‘Weaponized Ad Technology’: Facebook’s Moneymaker Gets a Critical Eye

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Facebook has made a mint by enabling advertisers to identify and reach the very people most likely to react to their messages. Ad buyers can select audiences based on details like a user’s location, political leanings and interests as specific as the Museum of the Confederacy or online gambling. And they can aim their ads at as few as 20 of the 1.5 billion daily users of the social network.

Brands love it. So do political campaigns, like those for President Trumpand former President Barack Obama, which tailored their messages to narrow subsets of voters.

But microtargeting, as the technique is called, is coming under increased scrutiny in the United States and Europe. Some government officials, researchers and advertising executives warn that it can be exploited to polarize and manipulate voters. And they are calling for restrictions on its use in politics, even after Facebook, in response to criticism, recently limited some of the targeting categories available to advertisers.

“It has essentially weaponized ad technology designed for consumer products and services,” said Sarah Golding, the president of the Institute of Practitioners in Advertising, an industry organization in Britain. Her group recently called for a moratorium on political microtargeting. “There is a danger that every single person can get their own concerns played back to them,” she said.

Facebook is just one player among tech giants like Google and Twitter that also offer data-mining services to try to influence consumer and voter behavior. But Facebook’s gargantuan reach, vast holdings of user data and easy-to-use self-service advertising system have made it a lightning rod for political microtargeting.

Much of the new attention being paid to microtargeted advertising has emerged from investigations into how Russian groups interfered in elections and how the voter-profiling company Cambridge Analytica harvested the data of millions of Facebook users. Microtargeting, they have found, was a central tool for foreign groups trying to interfere in elections.

In Britain, a report in July on political campaigning from the Information Commissioner’s Office, the government data protection authority, called for an “ethical pause” on the use of personal information in political microtargeting so that regulators and companies could consider the technology’s implications.

“These techniques raise fundamental questions about the relationship between privacy and democracy, as concerns about voter surveillance could lead to disengagement with the political process,” Elizabeth Denham, the British information commissioner, wrote in the report.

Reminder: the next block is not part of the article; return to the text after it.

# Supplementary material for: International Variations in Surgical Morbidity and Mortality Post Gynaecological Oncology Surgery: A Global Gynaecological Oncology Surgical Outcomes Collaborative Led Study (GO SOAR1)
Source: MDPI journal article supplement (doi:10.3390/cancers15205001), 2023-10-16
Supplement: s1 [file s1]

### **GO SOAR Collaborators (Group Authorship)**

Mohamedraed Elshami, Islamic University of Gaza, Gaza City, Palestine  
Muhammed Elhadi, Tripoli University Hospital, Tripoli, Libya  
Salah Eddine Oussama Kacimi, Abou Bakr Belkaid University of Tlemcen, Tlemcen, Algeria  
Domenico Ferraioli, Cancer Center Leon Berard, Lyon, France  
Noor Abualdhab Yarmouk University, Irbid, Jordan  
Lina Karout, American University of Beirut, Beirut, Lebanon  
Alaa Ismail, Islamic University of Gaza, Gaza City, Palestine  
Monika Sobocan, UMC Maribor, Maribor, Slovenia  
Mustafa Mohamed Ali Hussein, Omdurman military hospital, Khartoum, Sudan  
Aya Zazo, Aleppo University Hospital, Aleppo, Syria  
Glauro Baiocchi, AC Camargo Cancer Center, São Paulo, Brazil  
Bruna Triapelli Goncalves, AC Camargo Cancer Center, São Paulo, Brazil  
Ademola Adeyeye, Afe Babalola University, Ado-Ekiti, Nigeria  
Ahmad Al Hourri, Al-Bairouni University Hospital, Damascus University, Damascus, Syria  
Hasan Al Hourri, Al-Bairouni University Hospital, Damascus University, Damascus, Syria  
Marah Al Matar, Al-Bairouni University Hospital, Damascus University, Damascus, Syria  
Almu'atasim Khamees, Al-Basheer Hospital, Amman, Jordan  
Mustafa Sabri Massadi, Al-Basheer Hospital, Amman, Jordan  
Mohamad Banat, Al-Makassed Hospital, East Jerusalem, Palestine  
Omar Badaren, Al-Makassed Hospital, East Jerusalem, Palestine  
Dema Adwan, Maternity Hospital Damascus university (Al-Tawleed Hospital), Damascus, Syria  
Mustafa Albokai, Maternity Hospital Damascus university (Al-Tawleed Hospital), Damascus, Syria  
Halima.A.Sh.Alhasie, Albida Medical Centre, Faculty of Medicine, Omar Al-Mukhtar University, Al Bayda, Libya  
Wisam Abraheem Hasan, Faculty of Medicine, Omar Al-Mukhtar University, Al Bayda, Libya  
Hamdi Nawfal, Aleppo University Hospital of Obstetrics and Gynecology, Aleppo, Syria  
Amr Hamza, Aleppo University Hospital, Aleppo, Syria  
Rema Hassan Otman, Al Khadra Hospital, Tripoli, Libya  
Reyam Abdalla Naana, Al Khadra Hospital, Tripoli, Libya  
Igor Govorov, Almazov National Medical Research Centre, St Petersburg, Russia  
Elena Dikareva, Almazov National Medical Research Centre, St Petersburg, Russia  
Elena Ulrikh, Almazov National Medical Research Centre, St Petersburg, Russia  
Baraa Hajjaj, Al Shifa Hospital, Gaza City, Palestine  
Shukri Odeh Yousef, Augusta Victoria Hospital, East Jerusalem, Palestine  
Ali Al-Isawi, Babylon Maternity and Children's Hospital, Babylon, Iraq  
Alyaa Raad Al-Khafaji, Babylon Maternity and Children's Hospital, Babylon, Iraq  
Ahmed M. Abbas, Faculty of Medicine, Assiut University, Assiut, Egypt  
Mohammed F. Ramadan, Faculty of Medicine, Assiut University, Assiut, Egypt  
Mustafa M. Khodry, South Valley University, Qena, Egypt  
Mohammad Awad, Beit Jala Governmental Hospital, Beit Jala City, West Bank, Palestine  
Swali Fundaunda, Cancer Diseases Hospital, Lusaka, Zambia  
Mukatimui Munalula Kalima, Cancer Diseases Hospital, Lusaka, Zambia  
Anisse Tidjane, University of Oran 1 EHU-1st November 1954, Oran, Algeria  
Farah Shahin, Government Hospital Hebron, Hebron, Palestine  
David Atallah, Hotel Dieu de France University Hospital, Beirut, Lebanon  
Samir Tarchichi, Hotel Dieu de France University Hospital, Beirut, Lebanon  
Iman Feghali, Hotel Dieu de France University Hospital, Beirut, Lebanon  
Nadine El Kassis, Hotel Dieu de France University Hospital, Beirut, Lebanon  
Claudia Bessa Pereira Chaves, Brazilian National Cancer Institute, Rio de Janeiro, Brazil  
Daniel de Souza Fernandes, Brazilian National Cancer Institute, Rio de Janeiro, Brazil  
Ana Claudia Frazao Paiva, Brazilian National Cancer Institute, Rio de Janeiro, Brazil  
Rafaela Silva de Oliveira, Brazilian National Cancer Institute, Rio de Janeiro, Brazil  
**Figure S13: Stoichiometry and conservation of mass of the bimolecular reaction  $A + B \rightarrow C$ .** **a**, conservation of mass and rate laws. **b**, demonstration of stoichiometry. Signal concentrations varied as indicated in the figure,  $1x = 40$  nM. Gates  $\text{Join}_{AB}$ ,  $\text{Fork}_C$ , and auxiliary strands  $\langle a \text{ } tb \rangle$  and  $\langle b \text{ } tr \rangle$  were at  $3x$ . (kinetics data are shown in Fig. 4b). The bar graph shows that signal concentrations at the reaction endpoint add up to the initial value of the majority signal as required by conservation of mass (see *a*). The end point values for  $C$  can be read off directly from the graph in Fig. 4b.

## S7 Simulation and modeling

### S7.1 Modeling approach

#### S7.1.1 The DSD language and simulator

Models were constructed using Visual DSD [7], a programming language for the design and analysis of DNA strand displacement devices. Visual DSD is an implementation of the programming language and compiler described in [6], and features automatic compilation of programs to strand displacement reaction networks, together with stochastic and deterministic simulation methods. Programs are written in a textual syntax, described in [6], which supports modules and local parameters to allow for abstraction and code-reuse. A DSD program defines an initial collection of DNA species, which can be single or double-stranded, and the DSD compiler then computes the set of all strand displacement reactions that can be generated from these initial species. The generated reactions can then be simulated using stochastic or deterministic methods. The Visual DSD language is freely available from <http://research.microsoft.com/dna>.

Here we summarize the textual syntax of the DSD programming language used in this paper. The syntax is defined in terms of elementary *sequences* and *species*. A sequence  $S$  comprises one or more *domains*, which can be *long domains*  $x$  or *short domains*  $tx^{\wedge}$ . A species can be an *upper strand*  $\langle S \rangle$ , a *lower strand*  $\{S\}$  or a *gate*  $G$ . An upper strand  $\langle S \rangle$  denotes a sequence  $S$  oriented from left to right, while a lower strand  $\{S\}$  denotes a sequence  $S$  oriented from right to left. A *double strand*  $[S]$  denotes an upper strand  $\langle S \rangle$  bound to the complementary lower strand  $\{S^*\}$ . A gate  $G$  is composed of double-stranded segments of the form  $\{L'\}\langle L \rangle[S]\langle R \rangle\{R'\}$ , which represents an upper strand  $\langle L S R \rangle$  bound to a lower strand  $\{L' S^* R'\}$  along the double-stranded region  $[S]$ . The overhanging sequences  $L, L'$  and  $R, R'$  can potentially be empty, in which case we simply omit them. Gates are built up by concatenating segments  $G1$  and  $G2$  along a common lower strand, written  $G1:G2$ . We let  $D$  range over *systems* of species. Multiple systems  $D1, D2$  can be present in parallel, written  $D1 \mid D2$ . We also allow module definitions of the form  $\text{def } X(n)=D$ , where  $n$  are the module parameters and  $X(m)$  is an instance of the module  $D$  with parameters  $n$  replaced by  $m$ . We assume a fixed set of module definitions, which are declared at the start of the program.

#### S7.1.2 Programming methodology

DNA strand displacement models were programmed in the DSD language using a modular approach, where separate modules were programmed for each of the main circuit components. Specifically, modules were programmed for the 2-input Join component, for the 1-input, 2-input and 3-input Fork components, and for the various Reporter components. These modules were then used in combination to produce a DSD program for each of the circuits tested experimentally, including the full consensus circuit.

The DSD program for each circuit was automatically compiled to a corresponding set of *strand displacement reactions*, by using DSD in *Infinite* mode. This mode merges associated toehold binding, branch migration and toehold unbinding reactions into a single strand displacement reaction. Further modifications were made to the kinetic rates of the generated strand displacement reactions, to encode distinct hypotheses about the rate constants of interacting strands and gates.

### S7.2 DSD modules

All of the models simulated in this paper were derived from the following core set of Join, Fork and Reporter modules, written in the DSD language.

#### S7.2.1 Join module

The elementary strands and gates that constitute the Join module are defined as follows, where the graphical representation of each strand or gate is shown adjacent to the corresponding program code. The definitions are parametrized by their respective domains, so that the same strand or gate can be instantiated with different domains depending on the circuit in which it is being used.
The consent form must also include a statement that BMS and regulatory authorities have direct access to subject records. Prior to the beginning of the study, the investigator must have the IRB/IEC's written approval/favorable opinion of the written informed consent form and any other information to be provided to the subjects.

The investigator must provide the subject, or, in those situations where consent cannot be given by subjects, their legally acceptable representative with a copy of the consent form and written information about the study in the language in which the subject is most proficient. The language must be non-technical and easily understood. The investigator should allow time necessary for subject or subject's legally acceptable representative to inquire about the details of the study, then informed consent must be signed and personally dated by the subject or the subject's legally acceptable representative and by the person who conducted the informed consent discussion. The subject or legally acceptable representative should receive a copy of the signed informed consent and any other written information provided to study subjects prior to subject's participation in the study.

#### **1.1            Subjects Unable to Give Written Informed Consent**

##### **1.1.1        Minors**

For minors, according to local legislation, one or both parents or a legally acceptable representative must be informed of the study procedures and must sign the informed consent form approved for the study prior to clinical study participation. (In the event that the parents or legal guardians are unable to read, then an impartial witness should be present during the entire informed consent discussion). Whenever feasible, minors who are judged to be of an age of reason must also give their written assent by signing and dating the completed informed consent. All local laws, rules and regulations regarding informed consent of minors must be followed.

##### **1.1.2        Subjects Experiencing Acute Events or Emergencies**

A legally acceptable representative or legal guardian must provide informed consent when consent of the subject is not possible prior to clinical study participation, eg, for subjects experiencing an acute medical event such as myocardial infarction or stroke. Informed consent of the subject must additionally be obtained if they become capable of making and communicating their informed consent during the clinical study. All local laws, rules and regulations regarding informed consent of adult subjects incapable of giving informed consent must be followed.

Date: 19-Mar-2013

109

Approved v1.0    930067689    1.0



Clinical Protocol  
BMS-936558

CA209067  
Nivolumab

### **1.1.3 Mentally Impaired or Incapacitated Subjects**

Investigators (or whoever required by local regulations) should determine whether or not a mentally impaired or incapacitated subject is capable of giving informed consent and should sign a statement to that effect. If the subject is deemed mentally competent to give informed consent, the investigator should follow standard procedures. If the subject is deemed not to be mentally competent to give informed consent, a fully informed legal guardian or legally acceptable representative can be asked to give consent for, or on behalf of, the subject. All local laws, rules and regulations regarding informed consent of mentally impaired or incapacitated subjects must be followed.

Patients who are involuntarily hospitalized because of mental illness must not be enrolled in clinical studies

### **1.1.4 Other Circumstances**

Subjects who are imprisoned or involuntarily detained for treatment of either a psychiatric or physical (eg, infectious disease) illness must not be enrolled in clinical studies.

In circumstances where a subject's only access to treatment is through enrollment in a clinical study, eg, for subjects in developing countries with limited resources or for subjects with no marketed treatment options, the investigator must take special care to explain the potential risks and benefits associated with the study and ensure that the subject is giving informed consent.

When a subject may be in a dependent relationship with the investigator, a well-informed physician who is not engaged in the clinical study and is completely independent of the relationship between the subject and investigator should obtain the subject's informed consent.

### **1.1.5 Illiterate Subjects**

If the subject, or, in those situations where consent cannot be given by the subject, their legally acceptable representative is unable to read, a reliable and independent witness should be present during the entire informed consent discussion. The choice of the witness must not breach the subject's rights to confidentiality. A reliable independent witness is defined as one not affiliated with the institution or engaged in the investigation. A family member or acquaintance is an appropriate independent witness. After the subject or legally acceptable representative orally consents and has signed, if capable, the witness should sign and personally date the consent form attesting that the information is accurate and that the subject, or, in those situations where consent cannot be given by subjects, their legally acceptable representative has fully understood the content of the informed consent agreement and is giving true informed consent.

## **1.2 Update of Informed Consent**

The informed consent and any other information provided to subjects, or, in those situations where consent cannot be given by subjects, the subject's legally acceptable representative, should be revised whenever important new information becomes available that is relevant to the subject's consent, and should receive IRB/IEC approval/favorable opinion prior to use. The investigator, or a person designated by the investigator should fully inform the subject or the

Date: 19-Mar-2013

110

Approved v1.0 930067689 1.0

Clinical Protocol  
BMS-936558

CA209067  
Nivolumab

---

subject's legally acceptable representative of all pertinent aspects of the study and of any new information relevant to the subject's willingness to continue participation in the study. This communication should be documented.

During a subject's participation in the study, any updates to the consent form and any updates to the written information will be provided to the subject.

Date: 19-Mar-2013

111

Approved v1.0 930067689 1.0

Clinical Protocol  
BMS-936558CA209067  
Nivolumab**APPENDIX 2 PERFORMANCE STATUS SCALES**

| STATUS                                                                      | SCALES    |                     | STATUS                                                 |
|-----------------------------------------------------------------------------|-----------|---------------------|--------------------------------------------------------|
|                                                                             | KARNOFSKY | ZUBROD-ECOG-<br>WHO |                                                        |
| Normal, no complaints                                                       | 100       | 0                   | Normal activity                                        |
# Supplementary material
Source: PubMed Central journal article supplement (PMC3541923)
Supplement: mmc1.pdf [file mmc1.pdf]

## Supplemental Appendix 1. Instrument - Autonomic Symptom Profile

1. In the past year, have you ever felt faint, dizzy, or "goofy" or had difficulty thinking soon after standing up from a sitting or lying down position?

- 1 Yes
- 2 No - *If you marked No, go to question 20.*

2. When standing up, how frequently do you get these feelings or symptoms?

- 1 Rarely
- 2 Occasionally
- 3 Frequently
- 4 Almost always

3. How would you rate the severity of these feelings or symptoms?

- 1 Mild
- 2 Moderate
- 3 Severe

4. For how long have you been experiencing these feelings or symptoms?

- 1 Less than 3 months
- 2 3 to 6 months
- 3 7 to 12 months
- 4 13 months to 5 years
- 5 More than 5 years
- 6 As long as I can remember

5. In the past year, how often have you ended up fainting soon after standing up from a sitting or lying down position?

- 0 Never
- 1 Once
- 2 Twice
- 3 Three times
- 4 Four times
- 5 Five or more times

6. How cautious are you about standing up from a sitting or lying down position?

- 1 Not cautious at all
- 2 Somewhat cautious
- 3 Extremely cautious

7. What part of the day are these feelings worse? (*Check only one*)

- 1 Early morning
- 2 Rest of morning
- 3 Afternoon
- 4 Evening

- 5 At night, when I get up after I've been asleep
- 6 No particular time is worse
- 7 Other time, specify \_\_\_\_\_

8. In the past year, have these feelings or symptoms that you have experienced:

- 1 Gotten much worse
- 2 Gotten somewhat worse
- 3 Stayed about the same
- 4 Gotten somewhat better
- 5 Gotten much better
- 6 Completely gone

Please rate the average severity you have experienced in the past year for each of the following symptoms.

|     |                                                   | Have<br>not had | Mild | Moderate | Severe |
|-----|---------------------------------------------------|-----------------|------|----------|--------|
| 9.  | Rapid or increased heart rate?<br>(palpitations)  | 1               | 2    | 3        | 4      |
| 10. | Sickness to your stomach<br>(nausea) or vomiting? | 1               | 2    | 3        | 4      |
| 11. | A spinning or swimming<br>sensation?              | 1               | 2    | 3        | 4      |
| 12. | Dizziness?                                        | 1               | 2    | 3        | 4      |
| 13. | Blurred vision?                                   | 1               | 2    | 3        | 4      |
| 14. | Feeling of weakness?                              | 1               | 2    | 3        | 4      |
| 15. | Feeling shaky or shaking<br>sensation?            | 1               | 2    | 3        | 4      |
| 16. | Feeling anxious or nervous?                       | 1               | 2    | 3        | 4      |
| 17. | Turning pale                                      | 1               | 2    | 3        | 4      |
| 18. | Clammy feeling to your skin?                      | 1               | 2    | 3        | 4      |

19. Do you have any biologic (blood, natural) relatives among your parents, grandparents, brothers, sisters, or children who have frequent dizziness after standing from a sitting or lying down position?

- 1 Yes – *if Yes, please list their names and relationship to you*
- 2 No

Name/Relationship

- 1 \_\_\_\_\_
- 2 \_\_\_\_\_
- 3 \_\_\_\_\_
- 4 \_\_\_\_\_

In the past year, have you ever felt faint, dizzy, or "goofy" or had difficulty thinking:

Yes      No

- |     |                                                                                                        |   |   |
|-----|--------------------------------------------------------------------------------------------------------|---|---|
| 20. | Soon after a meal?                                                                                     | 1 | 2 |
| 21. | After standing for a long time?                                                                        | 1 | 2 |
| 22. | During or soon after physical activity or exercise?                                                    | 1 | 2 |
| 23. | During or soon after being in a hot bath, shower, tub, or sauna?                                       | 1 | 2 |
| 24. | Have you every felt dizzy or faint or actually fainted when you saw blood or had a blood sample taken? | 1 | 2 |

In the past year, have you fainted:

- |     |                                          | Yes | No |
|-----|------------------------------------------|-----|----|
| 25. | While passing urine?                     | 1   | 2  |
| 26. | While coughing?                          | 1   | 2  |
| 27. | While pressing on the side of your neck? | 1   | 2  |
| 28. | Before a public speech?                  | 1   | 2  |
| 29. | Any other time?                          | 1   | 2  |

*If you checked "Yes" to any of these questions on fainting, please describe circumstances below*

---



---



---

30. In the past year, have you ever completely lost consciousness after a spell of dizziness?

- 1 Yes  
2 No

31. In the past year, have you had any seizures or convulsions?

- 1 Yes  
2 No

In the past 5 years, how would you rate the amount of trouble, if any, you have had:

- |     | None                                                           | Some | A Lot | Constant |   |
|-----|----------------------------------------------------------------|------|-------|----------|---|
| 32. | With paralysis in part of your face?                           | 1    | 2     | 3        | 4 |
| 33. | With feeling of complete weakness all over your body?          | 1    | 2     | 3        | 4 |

Last month, a report from a British Parliament committee investigating fraudulent news criticized the “relentless targeting of hyper-partisan views, which play to the fears and prejudices of people, in order to influence their voting plans and their behavior.” It also called for curbs on some microtargeting.

New research on how groups tied to the Kremlin exploited the technology during the 2016 presidential election in the United States is also raising concerns.

A report this week from Young Mie Kim, a professor at the University of Wisconsin-Madison, described how a Kremlin-linked group, called the Internet Research Agency, used Facebook’s ad system to identify nonwhite voters. Then the group tried to discourage those people from voting.

Young Mie Kim, a professor at the University of Wisconsin-Madison who studies online political advertising.

A week before the election, for instance, the Russian group paid Facebook to aim an ad at users interested in African-American history, the civil rights movement, Martin Luther King Jr. and Malcolm X with a seemingly benign post. The ad included a photo of Beyoncé’s backup dancers. “Black girl magic!” the ad said, according to Facebook ads recently released by federal lawmakers.

Then on Election Day, the same Russian group sent the same Facebook user demographic an ad urging them to boycott the presidential election.

“No one represents Black people. Don’t go to vote,” the ad said.

“Russian groups appeared to identify and target nonwhite voters months before the election with benign messages promoting racial identity,” Professor Kim, who studies online political ads, wrote in the report. By singling out the same individuals on Facebook, she added, “these groups later appeared to interfere in the elections with voter suppression messages.”

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